Keeping the IT business going during the Russian invasion

Keeping the IT business going during the Russian invasion

Ukrainian businesses continue to operate amid Russia’s invasion of their country and are determined to continue as part of a national effort not to be overwhelmed by threats from the east.

Software development service provider Redwork An example: After Russian tanks rolled into Ukraine, killing all of its employees, the company had to act quickly.

Konstantin Klagin, its founderOn his way home after a holiday in Sri Lanka, he learned that Russia had invaded his homeland while changing flights to Dubai.

While in Dubai he had to change his plans and move to Berlin, where he previously lived and owned a flat. He has not yet returned to Ukraine.

Founder and CEO of Klyagin Ukrainian software development company Redwork, which focuses on software development as a service (SaaS) for enterprises. It was set up by 24-year-old Claggin in 2005 and now serves international customers with SaaS development services built on the Amazon Web Services and Microsoft Azure clouds.

The company started in Zaporizhzhia and opened an office in Kyiv in 2010. Its workforce includes developers, DevOps specialists, project managers, user interface (UI) designers and every other role needed to build and launch a full-scale SaaS operation, Claggin said.

It was Feb. 24 this year when, on a flight home to Ukraine, Clagin had to think about helping his family and workers get to safety before thinking about his business.

“When I arrived in Dubai to change flights, the media was full of reports of the attack,” he told Computer Weekly. “I listened to Vladimir Putin’s speech and realized that I am not going to Ukraine.”

Keeping the IT business going during the Russian invasion

“I listened to Vladimir Putin’s speech and realized that I am not going to Ukraine”

Constantine Clagin, Redwork

Klagin said the most shocking sight for him was the Russian tanks crossing the border just 80 kilometers from the city of Kharkiv, where he grew up and had family.

“I never went back to Kiev in February and I’ve been working remotely ever since,” he said. “I arrived in Dubai, realized that Russia had invaded and there was no way back as the airspace was closed.”

Clagin had previously lived and worked in Germany and had a flat in Berlin, so he decided to move there. His girlfriend, who was pregnant with their first child, soon joined him.

After five months in Berlin, they moved to Lisbon, Portugal, where Kliagin had a large group. “Lisbon was considered an important Web 3.0 hub and many Ukrainian entrepreneurs came here,” he said.

His parents are now safe in Berlin, but his business, with 80 employees, remains in Ukraine.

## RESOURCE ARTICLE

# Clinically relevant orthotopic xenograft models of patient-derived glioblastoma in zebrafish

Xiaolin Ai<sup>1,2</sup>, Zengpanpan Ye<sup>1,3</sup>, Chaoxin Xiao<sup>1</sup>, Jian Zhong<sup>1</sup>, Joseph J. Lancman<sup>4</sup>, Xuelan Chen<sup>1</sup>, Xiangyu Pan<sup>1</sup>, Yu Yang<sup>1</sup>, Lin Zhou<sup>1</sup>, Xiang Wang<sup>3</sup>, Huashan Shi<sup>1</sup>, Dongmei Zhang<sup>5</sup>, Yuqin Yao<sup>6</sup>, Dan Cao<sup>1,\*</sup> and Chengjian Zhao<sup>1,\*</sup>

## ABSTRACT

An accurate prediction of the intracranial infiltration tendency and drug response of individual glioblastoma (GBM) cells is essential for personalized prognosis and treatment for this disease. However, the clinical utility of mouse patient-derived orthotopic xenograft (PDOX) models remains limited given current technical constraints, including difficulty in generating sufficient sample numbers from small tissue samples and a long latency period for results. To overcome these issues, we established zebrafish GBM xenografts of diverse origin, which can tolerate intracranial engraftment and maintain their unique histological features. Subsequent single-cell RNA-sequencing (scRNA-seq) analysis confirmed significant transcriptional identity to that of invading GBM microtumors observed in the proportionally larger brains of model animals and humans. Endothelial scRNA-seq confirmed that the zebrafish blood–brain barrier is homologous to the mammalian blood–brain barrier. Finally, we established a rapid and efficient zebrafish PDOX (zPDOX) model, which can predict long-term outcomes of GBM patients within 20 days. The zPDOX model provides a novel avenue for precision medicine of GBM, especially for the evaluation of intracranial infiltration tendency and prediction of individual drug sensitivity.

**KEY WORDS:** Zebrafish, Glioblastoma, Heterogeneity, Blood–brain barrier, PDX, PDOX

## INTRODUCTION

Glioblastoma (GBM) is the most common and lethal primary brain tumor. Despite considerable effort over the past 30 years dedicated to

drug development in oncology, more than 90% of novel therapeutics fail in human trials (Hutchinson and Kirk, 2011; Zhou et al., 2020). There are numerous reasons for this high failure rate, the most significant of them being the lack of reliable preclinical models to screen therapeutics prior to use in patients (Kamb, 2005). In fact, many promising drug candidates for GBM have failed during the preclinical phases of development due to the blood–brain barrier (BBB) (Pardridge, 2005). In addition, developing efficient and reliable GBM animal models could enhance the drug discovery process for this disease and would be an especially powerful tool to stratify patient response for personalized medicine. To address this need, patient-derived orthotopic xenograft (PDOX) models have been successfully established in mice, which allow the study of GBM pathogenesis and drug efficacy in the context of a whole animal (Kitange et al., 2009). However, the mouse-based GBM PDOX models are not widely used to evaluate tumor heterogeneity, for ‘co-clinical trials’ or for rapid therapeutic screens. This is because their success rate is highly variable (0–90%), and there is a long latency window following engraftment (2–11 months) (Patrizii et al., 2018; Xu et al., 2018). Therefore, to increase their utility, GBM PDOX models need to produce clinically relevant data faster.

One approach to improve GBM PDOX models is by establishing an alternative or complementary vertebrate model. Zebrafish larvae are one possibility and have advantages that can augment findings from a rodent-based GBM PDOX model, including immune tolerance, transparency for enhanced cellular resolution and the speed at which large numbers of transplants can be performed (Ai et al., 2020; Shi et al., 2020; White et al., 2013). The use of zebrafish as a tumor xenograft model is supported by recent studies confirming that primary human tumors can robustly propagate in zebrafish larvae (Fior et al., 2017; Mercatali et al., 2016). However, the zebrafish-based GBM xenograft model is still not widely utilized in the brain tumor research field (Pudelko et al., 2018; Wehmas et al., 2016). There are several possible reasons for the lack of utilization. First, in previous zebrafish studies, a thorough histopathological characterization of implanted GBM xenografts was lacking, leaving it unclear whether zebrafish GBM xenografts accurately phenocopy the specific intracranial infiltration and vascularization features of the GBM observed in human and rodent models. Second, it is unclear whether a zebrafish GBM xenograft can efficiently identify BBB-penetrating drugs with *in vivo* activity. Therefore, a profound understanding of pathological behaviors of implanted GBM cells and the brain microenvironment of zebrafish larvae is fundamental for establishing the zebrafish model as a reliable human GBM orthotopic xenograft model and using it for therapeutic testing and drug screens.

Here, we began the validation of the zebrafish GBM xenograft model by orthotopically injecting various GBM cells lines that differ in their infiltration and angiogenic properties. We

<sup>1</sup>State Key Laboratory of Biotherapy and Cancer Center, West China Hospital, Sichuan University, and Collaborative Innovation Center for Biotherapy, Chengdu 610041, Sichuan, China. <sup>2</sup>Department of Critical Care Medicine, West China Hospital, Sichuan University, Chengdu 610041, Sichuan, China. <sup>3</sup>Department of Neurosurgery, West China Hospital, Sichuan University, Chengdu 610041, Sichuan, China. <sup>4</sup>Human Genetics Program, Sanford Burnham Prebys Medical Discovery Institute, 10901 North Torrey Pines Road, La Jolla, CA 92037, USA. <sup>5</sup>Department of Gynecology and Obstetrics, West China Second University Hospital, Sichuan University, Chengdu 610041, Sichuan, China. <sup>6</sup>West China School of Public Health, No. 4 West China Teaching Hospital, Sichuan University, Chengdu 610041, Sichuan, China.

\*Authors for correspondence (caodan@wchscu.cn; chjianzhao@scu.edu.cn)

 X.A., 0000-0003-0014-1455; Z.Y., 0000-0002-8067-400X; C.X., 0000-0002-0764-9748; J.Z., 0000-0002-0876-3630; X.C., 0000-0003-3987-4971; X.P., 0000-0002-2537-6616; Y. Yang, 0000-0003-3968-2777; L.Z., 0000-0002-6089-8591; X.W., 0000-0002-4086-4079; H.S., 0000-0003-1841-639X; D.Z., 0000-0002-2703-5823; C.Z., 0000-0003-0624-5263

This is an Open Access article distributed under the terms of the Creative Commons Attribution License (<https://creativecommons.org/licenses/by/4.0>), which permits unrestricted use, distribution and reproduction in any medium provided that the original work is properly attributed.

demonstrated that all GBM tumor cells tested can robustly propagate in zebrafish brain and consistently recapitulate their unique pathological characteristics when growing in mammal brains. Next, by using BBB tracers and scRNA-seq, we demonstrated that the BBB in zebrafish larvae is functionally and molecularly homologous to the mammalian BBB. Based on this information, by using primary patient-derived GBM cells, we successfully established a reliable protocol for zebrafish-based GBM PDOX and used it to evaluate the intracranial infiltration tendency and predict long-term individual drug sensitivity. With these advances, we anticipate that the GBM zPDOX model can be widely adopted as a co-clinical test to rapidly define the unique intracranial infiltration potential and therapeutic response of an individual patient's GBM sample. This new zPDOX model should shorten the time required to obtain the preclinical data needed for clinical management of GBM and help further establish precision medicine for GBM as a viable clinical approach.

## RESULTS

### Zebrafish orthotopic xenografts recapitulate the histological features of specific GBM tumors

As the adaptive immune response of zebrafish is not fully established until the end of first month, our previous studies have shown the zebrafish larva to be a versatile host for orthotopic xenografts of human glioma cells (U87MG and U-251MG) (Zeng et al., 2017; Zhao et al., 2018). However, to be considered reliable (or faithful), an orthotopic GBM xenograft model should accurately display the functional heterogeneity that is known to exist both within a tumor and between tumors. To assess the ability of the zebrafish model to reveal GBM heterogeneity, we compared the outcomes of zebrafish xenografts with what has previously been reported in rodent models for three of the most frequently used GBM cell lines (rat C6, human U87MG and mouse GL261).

Klagin himself plans to return to Ukraine as soon as possible. “When it’s safe and the war is over, I’m going back to Ukraine the next day,” he said.

Keeping the IT business going during the Russian invasion
Redwork team

Meanwhile, Redwork has continued to operate at full scale after a temporary lull, while the company and its employees adjust to the new realities facing Ukraine.

“At the beginning of the invasion, there was a lot of uncertainty,” Claggin said. “Many companies were moving entire operations to the west of the country but there were major difficulties including housing shortages, so we decided to do it in a decentralized way.”

This is where the firm’s remote working experience during the Covid-19 pandemic has helped. “We told everybody that they would each get $2,000 in cash or whatever form they wanted, to pay for their security, or they could use their own money and we would compensate them,” Claggin said.

Almost all Redwork staff accepted the offer. “Most teams are working remotely with only 10 to 15 people in the office every day since the pandemic,” Claggin said. “Our people either went to the west or the center of the country.”

Then, on February 28, Claggin wrote an email to his employees asking if everyone was safe and what they needed to work. “I said let’s continue to work because in that situation it was important to have an income for everyone and also for the economy of Ukraine,” he said.

Claggin said that in the first week of the attack, 20% of the company’s staff could work, by the second week it had reached 80%, and by the end of March it was 100% operational. “And we continue to hire people,” he added. “We didn’t let anyone go without a natural grudge.

“We are gaining people because there were better people in the market who were just victims of their employers panicking and letting them go. We have been able to select the best minds and talent to grow the company.”

The company lost two employees when they joined the Ukrainian military.

According to Claggin, Redwork is doing more business now than before the war. He believes he focused on business to stop thinking about the turmoil in Ukraine. “I found it a refuge from the war and it worked because I got five new clients, 25 employees and the business grew,” he said.

The company lost no customers after Claggin contacted each of them separately to assure them that work would not be disrupted.

In fact, redwork isn’t Claggin’s only business. Since 2021, he has also invested in a company based in Zaporizhia that produces drones for civilian use with a focus on industrial settings. IZIVIZThe company is known as, is still in its startup phase, but has undergone a transformation during the war.

“The business was closed for months, but we decided to help the army prepare their drones and provided the drones for free,” he said.

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